Hiking Hookups: Is the Trail a Perfect Place to Find Love?
An experience as profound as a thru-hike naturally brings people together. Tramilies unite, bubbles form, friendships blossom, and love can often stir. Knowing someone for a week on trail can bring you closer than relationships you’ve had for years.
On the trail, conversations are uninterrupted by cell phones or television, emotions are impossible to mask (just like your smells), your best and worst sides make themselves known, and sharing close quarters like a tent gives you nowhere to hide.
But if the spark of romance ignites during your thru-hike, does the fire continue burning throughout the trail and beyond, or is it more likely to fizzle and become stale like the trail mix rolling around at the bottom of your pack?
I’ve been curious about trail romance since I completed my second thru-hike on New Zealand’s Te Araroa (TA) in 2018, where I met my current partner of two years, Tom. Tom and I shared a one-person tent for three months straight, and I credit our intimate dwelling, the highs and lows we faced, and the hours spent in each other’s company with forming a solid foundation to build upon.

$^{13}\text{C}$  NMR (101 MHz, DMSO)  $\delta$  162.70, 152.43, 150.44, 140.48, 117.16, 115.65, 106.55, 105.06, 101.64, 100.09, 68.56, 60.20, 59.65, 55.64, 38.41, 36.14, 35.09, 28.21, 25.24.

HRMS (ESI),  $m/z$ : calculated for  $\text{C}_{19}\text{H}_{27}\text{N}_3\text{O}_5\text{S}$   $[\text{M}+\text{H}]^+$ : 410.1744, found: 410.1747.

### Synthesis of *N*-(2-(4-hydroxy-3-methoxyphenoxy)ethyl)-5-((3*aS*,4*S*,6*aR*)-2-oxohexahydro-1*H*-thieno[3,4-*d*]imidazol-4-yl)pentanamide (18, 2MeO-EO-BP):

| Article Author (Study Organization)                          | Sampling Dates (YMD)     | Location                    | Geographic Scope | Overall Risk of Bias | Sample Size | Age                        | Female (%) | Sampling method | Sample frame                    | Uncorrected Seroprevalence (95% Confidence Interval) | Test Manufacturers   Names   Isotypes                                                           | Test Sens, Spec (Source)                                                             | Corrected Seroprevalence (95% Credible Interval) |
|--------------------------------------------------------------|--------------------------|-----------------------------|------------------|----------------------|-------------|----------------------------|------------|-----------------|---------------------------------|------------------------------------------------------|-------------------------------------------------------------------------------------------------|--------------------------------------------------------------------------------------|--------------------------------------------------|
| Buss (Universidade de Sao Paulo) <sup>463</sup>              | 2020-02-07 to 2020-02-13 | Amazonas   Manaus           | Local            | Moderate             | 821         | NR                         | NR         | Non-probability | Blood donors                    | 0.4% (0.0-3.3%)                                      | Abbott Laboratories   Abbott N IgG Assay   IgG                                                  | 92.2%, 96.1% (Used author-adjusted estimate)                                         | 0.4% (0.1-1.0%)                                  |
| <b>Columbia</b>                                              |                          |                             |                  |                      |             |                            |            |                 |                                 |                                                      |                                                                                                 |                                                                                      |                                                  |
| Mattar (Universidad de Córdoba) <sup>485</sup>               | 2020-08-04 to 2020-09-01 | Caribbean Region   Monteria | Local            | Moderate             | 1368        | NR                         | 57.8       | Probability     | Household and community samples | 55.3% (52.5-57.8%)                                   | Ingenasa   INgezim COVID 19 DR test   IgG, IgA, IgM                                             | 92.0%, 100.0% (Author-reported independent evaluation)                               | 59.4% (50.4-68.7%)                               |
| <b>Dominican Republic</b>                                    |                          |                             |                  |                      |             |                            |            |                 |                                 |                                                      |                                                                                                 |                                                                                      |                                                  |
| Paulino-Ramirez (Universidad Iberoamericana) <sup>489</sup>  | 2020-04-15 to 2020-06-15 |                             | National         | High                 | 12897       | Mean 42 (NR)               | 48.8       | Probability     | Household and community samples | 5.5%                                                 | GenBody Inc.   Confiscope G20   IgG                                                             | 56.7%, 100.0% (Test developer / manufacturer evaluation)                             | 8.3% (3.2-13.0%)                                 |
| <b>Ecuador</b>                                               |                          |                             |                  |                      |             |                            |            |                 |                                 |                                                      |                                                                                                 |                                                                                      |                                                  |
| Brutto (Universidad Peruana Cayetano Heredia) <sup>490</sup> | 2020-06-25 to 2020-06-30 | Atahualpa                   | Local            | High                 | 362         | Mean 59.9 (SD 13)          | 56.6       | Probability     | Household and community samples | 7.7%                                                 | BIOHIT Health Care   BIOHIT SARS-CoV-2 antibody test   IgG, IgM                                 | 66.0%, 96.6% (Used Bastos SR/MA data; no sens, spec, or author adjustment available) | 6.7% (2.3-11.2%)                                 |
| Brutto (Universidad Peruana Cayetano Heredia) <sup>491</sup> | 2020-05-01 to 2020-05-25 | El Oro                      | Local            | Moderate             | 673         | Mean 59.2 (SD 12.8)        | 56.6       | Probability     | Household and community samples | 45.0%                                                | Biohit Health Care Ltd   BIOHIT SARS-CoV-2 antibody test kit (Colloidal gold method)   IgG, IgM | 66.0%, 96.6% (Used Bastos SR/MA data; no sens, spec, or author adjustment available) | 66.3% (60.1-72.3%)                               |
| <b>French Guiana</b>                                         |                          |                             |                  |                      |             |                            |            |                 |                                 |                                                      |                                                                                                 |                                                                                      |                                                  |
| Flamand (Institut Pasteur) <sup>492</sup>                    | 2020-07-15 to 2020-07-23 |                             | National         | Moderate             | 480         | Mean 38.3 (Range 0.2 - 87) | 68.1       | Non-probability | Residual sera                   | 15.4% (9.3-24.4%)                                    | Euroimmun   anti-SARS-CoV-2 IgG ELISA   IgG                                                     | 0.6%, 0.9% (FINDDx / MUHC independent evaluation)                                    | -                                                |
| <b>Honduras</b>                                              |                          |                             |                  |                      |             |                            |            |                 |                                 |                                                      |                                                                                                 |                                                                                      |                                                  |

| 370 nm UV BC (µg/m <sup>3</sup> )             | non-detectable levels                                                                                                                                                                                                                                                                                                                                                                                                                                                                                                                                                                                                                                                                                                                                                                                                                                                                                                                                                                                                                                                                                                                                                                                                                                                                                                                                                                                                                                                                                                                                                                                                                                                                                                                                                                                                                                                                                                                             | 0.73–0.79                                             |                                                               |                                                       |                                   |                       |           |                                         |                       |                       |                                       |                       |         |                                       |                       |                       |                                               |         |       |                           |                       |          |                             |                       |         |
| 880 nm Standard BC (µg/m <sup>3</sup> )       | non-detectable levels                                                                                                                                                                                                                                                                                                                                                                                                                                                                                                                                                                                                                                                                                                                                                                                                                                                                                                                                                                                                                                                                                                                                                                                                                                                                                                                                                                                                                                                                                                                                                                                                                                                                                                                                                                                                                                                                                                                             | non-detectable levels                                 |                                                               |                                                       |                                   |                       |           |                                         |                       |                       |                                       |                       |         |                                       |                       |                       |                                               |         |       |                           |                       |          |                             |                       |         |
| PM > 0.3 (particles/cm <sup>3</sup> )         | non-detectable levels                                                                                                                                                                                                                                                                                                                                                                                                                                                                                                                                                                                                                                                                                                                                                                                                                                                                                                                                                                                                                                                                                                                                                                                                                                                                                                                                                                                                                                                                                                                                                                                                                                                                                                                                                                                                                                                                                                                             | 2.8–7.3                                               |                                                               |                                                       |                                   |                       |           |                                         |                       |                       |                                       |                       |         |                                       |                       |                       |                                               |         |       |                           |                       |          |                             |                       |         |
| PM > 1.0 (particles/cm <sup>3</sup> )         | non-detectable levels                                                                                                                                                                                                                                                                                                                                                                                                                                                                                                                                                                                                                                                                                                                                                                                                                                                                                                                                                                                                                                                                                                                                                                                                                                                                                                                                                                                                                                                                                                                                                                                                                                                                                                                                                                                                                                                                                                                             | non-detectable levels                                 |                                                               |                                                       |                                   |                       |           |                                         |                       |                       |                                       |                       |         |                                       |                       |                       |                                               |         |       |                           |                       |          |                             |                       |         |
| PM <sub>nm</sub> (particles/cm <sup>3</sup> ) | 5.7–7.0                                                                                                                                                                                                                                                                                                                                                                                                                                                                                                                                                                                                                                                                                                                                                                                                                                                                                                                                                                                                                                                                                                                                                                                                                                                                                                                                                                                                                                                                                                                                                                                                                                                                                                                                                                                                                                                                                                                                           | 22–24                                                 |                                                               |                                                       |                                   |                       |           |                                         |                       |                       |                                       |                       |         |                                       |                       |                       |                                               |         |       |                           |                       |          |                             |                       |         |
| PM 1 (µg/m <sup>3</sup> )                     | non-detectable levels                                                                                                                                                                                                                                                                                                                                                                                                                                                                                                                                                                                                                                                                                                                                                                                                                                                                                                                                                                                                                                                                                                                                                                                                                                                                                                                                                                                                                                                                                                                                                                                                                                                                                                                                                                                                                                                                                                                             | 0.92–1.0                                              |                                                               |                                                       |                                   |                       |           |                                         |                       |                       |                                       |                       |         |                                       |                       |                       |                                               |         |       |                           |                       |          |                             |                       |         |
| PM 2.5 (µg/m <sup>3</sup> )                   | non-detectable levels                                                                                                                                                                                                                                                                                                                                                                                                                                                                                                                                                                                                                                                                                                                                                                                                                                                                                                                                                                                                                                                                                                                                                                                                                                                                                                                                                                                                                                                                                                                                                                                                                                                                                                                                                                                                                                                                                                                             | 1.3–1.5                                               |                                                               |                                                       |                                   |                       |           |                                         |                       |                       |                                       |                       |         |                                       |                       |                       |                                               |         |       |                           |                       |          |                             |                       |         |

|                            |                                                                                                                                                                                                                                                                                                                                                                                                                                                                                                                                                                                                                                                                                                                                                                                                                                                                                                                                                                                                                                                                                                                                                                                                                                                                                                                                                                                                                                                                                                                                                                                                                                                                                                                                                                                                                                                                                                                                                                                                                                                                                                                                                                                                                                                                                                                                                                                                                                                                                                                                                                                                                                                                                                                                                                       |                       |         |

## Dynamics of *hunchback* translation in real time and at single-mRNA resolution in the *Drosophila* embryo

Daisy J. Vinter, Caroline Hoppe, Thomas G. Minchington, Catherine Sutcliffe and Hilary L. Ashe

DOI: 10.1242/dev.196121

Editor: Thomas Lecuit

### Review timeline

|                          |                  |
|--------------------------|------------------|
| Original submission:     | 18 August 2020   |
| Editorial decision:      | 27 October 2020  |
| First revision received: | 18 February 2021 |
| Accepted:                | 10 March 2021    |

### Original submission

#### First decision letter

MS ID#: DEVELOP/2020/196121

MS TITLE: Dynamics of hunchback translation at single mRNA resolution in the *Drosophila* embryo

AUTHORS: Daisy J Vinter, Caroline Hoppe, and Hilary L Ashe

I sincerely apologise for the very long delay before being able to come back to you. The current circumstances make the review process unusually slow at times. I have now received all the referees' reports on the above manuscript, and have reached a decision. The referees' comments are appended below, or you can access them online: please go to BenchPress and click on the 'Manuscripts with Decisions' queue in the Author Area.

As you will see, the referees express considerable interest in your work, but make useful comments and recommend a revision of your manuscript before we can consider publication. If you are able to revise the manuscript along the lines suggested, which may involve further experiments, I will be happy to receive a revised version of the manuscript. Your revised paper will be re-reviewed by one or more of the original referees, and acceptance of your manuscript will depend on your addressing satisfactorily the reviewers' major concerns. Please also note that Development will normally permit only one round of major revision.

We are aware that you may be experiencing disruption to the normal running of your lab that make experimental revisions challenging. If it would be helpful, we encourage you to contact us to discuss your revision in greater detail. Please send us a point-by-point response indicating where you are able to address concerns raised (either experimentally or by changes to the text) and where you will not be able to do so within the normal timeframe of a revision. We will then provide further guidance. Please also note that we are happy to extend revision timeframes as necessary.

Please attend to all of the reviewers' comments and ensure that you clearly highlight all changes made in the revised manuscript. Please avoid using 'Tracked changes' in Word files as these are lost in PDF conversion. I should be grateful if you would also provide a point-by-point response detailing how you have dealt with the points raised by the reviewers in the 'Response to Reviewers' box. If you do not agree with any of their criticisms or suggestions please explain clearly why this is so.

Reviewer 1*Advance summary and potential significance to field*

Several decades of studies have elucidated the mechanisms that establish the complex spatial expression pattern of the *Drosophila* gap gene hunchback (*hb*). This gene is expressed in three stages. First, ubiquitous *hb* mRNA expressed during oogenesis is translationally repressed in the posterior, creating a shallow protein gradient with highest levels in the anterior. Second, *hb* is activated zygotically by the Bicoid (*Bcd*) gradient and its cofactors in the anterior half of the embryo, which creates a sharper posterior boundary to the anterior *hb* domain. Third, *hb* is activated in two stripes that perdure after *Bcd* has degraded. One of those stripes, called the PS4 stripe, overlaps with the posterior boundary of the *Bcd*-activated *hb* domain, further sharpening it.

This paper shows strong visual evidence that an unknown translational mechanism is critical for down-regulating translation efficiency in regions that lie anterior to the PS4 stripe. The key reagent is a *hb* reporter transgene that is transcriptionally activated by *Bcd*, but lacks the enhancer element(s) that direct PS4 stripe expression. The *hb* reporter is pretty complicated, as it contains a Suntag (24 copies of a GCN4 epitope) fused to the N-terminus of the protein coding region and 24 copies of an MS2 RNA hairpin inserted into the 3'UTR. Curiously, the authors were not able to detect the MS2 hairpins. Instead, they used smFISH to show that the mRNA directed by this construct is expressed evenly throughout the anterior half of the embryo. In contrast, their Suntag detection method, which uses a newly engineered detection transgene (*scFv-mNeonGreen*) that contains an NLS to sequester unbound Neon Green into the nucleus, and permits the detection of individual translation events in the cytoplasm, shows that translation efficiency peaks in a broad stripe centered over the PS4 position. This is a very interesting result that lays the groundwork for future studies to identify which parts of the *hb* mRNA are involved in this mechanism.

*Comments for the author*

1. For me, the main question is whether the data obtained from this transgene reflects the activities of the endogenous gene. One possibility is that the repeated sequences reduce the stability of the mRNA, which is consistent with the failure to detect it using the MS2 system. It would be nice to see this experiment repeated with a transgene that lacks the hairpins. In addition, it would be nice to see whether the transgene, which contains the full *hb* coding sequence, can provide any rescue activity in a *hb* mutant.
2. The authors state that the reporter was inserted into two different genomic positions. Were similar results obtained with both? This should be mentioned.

That’s not to say all trail romances end this way. I also fell hard for a man on my PCT thru-hike back in 2013. We had a whirlwind on-again-off-again romance that ended only two days from the end of the trail.
So having experienced both success and heartbreak, I was keen to discover if others believe the trail is a perfect place to find “the one.” I reached out to fellow thru-hikers in an attempt to get to the bottom of what makes a trail romance fire or fizzle.
Oats and Legs
Oats, who hiked the AT in 2019, met her current partner, Legs, almost halfway through her thru-hike. She said she and Legs are still living together and parenting their two dogs, Flynn and Thru. But Oats warns that one should not go into a long hike looking for love.
“The expectation daunting on you and everyone you meet as a potential partner will ruin your experience. Only after a few months of really indulging in ourselves and our own desires and whims were we happy to entertain each other.”
Oats believes the same factors that make or break a relationship off-trail apply to relationships on-trail, like “not communicating well, not having a strong enough connection, jealousy or drama.”
Lifesaver and Buffet
This was backed by many other thru-hikers I heard from, including Lifesaver, who hiked the AT in 2019. Lifesaver met her partner Buffet on day two and said open and honest communication about what each person expects and wants is vitally important.
“Understanding that our trail selves may not always align with our ‘real world’ selves requires grace, forgiveness, and support.”